Grimes has never held public office, but her TV commercial displays her winning personality and popular support, and says she is the “most qualified” candidate, without elaboration. Pressed about that, she told me she’s familiar with the office because she has dealt with it as a lawyer- she has a plan for making it easier for business interests to navigate- and she has talked with county clerks and others who must deal with the secretary of state and the election board.
The best argument for electing a secretary of state is that she or he is the chairman and swing vote on the State Board of Elections, and thus the state’s top election official. Walker alludes to that in her TV ad. Grimes’ ad says nothing about the office’s responsibility for elections, but she comes across as the stimulating candidate. Walker is staid by comparison, and stimulating usually beats staid in a low-turnout election.
In her commercial, Walker raises the stakes for Beshear by saying up front that he appointed her. The Democratic governor polls very well among Democrats, but gets lower marks from many county-level party activists — and in a low-turnout election, they will be more influential. Some may see the race as a chance to vent some steam against Beshear when he is not on the ballot.
There are few good reasons to have an elected treasurer or agriculture commissioner, but this year’s primaries for the latter office have at least one redeeming quality: an array of mostly qualified candidates with an interesting collection of skills and backgrounds.
State Rep. Jamie Comer of Tompkinsville is the favorite to beat Shelby County Judge-Executive Rob Rothenburger in the Republican primary and has some Democratic support because Democrats didn’t coalesce behind one or two candidates and are having a five-way primary.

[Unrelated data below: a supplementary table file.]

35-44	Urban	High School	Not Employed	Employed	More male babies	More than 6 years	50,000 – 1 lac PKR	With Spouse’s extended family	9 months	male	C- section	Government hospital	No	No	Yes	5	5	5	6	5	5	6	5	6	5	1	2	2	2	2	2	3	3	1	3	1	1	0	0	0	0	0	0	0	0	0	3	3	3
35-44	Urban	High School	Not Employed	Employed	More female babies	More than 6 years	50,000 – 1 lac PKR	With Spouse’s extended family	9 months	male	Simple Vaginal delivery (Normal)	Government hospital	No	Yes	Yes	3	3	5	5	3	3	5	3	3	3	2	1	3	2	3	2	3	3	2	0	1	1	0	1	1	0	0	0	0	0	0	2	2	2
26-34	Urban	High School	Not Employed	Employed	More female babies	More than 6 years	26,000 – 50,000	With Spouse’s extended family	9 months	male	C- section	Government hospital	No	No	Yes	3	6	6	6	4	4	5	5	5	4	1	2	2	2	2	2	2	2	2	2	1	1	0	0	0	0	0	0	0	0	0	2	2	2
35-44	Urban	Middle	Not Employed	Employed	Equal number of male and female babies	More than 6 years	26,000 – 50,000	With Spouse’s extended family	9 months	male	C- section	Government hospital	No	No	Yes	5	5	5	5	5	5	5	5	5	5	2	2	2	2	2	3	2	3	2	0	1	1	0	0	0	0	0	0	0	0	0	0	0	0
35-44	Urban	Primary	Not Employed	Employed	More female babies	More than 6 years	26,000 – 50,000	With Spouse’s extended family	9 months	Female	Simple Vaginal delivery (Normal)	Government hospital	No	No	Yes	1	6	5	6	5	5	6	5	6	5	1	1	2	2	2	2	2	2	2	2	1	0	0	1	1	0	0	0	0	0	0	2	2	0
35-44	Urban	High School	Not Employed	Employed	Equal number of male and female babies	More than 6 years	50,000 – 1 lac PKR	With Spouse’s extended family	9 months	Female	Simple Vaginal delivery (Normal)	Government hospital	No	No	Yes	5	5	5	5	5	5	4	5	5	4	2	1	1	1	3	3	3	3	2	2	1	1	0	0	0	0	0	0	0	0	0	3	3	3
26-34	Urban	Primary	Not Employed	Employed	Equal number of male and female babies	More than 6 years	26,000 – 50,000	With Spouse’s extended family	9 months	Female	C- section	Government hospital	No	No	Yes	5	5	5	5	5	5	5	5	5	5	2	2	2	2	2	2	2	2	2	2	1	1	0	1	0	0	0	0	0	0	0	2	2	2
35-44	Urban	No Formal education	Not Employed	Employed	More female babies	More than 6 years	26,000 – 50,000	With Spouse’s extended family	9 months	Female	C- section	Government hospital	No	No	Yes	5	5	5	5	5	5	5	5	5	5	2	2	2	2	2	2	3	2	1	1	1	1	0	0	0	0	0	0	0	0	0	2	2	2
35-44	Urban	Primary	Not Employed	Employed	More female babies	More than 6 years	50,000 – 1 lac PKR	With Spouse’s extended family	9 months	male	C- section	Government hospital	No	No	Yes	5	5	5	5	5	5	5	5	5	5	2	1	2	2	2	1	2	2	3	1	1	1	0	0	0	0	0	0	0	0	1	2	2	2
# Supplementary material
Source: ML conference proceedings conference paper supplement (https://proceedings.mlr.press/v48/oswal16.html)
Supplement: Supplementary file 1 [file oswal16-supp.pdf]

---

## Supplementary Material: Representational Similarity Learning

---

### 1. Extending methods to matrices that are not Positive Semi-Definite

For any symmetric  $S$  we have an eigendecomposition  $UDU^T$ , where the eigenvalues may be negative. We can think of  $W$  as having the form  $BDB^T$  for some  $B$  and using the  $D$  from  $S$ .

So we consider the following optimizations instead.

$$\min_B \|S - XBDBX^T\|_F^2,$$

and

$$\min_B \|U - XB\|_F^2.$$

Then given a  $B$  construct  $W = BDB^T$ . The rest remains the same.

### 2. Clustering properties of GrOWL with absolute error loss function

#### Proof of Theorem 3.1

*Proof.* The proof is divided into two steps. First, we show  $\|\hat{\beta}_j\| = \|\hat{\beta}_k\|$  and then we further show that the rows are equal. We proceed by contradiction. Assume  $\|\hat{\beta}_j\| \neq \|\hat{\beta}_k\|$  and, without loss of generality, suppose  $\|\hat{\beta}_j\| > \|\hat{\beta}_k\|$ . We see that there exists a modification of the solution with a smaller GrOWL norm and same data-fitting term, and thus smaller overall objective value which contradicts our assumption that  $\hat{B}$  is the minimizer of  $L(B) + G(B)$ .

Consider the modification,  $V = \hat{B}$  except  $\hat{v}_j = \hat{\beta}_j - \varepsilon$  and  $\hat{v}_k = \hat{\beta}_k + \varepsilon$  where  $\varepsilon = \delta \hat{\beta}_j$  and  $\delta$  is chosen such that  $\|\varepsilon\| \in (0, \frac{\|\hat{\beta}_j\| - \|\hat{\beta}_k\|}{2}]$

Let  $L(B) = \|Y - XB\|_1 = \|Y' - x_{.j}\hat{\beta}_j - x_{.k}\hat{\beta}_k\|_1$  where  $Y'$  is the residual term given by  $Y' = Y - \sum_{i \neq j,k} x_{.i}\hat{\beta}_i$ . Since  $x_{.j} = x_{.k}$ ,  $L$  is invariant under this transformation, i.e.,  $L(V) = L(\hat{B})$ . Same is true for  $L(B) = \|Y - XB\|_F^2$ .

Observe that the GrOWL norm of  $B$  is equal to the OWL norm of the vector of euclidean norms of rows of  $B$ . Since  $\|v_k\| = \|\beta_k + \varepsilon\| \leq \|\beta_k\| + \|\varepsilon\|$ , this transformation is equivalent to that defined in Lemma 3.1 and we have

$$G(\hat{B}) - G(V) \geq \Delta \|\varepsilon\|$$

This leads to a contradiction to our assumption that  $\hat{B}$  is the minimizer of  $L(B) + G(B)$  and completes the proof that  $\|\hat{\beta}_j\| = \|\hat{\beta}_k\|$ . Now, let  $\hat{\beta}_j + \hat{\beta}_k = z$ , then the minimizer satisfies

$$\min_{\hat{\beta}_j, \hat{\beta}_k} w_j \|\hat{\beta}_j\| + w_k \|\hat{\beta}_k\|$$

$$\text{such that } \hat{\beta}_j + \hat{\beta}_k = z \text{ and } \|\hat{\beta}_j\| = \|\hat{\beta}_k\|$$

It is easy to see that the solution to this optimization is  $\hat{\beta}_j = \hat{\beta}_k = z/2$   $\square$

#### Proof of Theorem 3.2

The qualified Democrats are Richmond lawyer-farmer John Lackey, a former state senator and the populist in the race- former Agriculture Department employee Stewart Gritton of Lawrenceburg; and B.D. Wilson, a former rural-roads commissioner and Montgomery County judge-executive backed by former Gov. Brereton Jones.
There is good reason to elect a state auditor, but that primary may show that voters base their choices on names, not backgrounds.
State Rep. Addia Wuchner of Burlington appears more qualified than bankrupt builder-developer John Kemper of Lexington to take on Democrat Adam Edelen, but Wuchner’s unusual names will hurt her. So could the fact that Kemper is on the tea party slate.
Others slated by the tea party include Comer and former U.S. Senate candidate Bill Johnson of Elkton, who is in the Republican primary for secretary of state with former federal official Hilda Legg of Somerset. That race is the clearest example of the tea party vs. the state Republican establishment and is worth watching. Most of these races are, and are worth your vote.
Al Cross, former Courier-Journal political writer, is director of the Institute for Rural Journalism and Community Issues in the School of Journalism and Telecommunications at the University of Kentucky. His email address is firstname.lastname@example.org. His views are his own, not those of the University of Kentucky.